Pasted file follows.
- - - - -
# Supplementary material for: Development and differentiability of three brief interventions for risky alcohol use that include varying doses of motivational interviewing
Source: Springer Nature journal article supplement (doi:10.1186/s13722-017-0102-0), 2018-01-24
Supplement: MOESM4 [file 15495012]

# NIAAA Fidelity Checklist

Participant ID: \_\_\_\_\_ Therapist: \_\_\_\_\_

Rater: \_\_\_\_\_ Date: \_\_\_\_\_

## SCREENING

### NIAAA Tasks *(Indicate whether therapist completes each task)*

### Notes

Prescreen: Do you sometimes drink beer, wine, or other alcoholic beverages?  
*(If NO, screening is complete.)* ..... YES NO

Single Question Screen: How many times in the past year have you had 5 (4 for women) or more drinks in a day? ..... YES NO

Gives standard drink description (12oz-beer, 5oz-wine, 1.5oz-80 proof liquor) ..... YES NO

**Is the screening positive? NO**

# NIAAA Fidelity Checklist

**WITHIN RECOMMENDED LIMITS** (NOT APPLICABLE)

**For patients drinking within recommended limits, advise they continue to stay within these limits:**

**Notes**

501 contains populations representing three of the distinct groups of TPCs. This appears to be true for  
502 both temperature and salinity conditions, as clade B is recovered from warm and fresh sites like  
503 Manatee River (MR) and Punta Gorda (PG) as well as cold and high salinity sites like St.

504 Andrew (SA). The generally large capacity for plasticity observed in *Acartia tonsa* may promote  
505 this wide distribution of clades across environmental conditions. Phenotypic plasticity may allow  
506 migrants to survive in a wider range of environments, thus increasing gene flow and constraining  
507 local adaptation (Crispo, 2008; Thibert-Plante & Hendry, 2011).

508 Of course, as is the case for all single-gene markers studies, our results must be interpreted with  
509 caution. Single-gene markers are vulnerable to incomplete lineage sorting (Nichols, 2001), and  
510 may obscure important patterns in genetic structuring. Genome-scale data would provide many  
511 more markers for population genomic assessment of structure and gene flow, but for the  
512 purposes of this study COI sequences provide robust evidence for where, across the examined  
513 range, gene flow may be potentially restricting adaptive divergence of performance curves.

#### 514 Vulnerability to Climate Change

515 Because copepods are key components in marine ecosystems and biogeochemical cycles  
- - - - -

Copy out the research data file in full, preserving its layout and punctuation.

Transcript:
# Supplementary material for: Development and differentiability of three brief interventions for risky alcohol use that include varying doses of motivational interviewing
Source: Springer Nature journal article supplement (doi:10.1186/s13722-017-0102-0), 2018-01-24
Supplement: MOESM4 [file 15495012]

# NIAAA Fidelity Checklist

Participant ID: \_\_\_\_\_ Therapist: \_\_\_\_\_

Rater: \_\_\_\_\_ Date: \_\_\_\_\_

## SCREENING

### NIAAA Tasks *(Indicate whether therapist completes each task)*

### Notes

Prescreen: Do you sometimes drink beer, wine, or other alcoholic beverages?  
*(If NO, screening is complete.)* ..... YES NO

Single Question Screen: How many times in the past year have you had 5 (4 for women) or more drinks in a day? ..... YES NO

Gives standard drink description (12oz-beer, 5oz-wine, 1.5oz-80 proof liquor) ..... YES NO

**Is the screening positive? NO**

# NIAAA Fidelity Checklist

**WITHIN RECOMMENDED LIMITS** (NOT APPLICABLE)

**For patients drinking within recommended limits, advise they continue to stay within these limits:**

**Notes**

501 contains populations representing three of the distinct groups of TPCs. This appears to be true for  
502 both temperature and salinity conditions, as clade B is recovered from warm and fresh sites like  
503 Manatee River (MR) and Punta Gorda (PG) as well as cold and high salinity sites like St.

504 Andrew (SA). The generally large capacity for plasticity observed in *Acartia tonsa* may promote  
505 this wide distribution of clades across environmental conditions. Phenotypic plasticity may allow  
506 migrants to survive in a wider range of environments, thus increasing gene flow and constraining  
507 local adaptation (Crispo, 2008; Thibert-Plante & Hendry, 2011).

508 Of course, as is the case for all single-gene markers studies, our results must be interpreted with  
509 caution. Single-gene markers are vulnerable to incomplete lineage sorting (Nichols, 2001), and  
510 may obscure important patterns in genetic structuring. Genome-scale data would provide many  
511 more markers for population genomic assessment of structure and gene flow, but for the  
512 purposes of this study COI sequences provide robust evidence for where, across the examined  
513 range, gene flow may be potentially restricting adaptive divergence of performance curves.

#### 514 Vulnerability to Climate Change

515 Because copepods are key components in marine ecosystems and biogeochemical cycles  